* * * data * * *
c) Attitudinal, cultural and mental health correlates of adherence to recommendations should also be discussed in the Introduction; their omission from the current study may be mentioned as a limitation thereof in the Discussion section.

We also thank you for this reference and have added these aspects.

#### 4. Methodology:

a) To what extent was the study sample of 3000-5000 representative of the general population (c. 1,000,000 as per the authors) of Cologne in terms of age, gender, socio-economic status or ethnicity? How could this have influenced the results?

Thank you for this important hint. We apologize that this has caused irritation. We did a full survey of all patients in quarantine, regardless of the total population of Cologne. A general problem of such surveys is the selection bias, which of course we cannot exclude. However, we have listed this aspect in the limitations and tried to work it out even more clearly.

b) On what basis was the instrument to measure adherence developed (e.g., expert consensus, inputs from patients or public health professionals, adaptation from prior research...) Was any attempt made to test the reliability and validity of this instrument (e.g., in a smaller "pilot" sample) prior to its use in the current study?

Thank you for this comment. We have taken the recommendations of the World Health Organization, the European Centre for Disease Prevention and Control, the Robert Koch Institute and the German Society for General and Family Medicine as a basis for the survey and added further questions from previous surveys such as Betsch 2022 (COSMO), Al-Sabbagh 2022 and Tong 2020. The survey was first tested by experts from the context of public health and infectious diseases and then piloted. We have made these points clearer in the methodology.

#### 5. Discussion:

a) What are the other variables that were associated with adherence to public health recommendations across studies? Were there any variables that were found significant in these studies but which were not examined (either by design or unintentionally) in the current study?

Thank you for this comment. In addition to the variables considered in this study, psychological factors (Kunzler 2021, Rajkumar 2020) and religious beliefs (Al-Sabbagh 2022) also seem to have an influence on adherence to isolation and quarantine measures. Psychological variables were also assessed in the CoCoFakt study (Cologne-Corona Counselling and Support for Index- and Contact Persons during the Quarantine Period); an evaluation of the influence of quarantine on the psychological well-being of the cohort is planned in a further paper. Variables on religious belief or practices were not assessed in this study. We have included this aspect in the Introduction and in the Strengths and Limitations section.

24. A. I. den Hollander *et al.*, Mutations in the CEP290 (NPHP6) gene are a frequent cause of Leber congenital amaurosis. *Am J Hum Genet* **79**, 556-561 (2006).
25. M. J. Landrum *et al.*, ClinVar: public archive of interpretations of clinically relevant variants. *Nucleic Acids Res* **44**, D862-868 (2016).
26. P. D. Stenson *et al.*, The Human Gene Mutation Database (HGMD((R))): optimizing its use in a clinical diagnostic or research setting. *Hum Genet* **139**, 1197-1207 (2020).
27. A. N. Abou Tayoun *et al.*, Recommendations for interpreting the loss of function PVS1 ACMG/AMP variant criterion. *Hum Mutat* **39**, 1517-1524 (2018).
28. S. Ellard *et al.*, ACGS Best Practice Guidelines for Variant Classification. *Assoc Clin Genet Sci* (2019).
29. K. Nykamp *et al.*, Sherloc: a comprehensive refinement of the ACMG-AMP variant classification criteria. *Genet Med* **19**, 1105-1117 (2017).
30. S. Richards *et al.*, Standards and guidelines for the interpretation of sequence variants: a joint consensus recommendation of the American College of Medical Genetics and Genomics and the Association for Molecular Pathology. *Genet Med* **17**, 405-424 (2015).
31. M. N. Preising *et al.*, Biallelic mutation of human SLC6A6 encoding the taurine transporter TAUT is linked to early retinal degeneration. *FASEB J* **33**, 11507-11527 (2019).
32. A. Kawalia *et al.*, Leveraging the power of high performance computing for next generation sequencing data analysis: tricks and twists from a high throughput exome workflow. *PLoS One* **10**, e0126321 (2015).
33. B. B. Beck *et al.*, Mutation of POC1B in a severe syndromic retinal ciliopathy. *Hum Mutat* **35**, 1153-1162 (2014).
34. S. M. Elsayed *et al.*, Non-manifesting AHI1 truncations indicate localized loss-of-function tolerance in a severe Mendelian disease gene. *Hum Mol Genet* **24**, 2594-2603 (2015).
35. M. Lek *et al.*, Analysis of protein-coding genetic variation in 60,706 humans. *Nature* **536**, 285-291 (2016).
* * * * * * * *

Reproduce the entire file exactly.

c) Attitudinal, cultural and mental health correlates of adherence to recommendations should also be discussed in the Introduction; their omission from the current study may be mentioned as a limitation thereof in the Discussion section.

We also thank you for this reference and have added these aspects.

#### 4. Methodology:

a) To what extent was the study sample of 3000-5000 representative of the general population (c. 1,000,000 as per the authors) of Cologne in terms of age, gender, socio-economic status or ethnicity? How could this have influenced the results?

Thank you for this important hint. We apologize that this has caused irritation. We did a full survey of all patients in quarantine, regardless of the total population of Cologne. A general problem of such surveys is the selection bias, which of course we cannot exclude. However, we have listed this aspect in the limitations and tried to work it out even more clearly.

b) On what basis was the instrument to measure adherence developed (e.g., expert consensus, inputs from patients or public health professionals, adaptation from prior research...) Was any attempt made to test the reliability and validity of this instrument (e.g., in a smaller "pilot" sample) prior to its use in the current study?

Thank you for this comment. We have taken the recommendations of the World Health Organization, the European Centre for Disease Prevention and Control, the Robert Koch Institute and the German Society for General and Family Medicine as a basis for the survey and added further questions from previous surveys such as Betsch 2022 (COSMO), Al-Sabbagh 2022 and Tong 2020. The survey was first tested by experts from the context of public health and infectious diseases and then piloted. We have made these points clearer in the methodology.

#### 5. Discussion:

a) What are the other variables that were associated with adherence to public health recommendations across studies? Were there any variables that were found significant in these studies but which were not examined (either by design or unintentionally) in the current study?

Thank you for this comment. In addition to the variables considered in this study, psychological factors (Kunzler 2021, Rajkumar 2020) and religious beliefs (Al-Sabbagh 2022) also seem to have an influence on adherence to isolation and quarantine measures. Psychological variables were also assessed in the CoCoFakt study (Cologne-Corona Counselling and Support for Index- and Contact Persons during the Quarantine Period); an evaluation of the influence of quarantine on the psychological well-being of the cohort is planned in a further paper. Variables on religious belief or practices were not assessed in this study. We have included this aspect in the Introduction and in the Strengths and Limitations section.

24. A. I. den Hollander *et al.*, Mutations in the CEP290 (NPHP6) gene are a frequent cause of Leber congenital amaurosis. *Am J Hum Genet* **79**, 556-561 (2006).
25. M. J. Landrum *et al.*, ClinVar: public archive of interpretations of clinically relevant variants. *Nucleic Acids Res* **44**, D862-868 (2016).
26. P. D. Stenson *et al.*, The Human Gene Mutation Database (HGMD((R))): optimizing its use in a clinical diagnostic or research setting. *Hum Genet* **139**, 1197-1207 (2020).
27. A. N. Abou Tayoun *et al.*, Recommendations for interpreting the loss of function PVS1 ACMG/AMP variant criterion. *Hum Mutat* **39**, 1517-1524 (2018).
28. S. Ellard *et al.*, ACGS Best Practice Guidelines for Variant Classification. *Assoc Clin Genet Sci* (2019).
29. K. Nykamp *et al.*, Sherloc: a comprehensive refinement of the ACMG-AMP variant classification criteria. *Genet Med* **19**, 1105-1117 (2017).
30. S. Richards *et al.*, Standards and guidelines for the interpretation of sequence variants: a joint consensus recommendation of the American College of Medical Genetics and Genomics and the Association for Molecular Pathology. *Genet Med* **17**, 405-424 (2015).
31. M. N. Preising *et al.*, Biallelic mutation of human SLC6A6 encoding the taurine transporter TAUT is linked to early retinal degeneration. *FASEB J* **33**, 11507-11527 (2019).
32. A. Kawalia *et al.*, Leveraging the power of high performance computing for next generation sequencing data analysis: tricks and twists from a high throughput exome workflow. *PLoS One* **10**, e0126321 (2015).
33. B. B. Beck *et al.*, Mutation of POC1B in a severe syndromic retinal ciliopathy. *Hum Mutat* **35**, 1153-1162 (2014).
34. S. M. Elsayed *et al.*, Non-manifesting AHI1 truncations indicate localized loss-of-function tolerance in a severe Mendelian disease gene. *Hum Mol Genet* **24**, 2594-2603 (2015).
35. M. Lek *et al.*, Analysis of protein-coding genetic variation in 60,706 humans. *Nature* **536**, 285-291 (2016).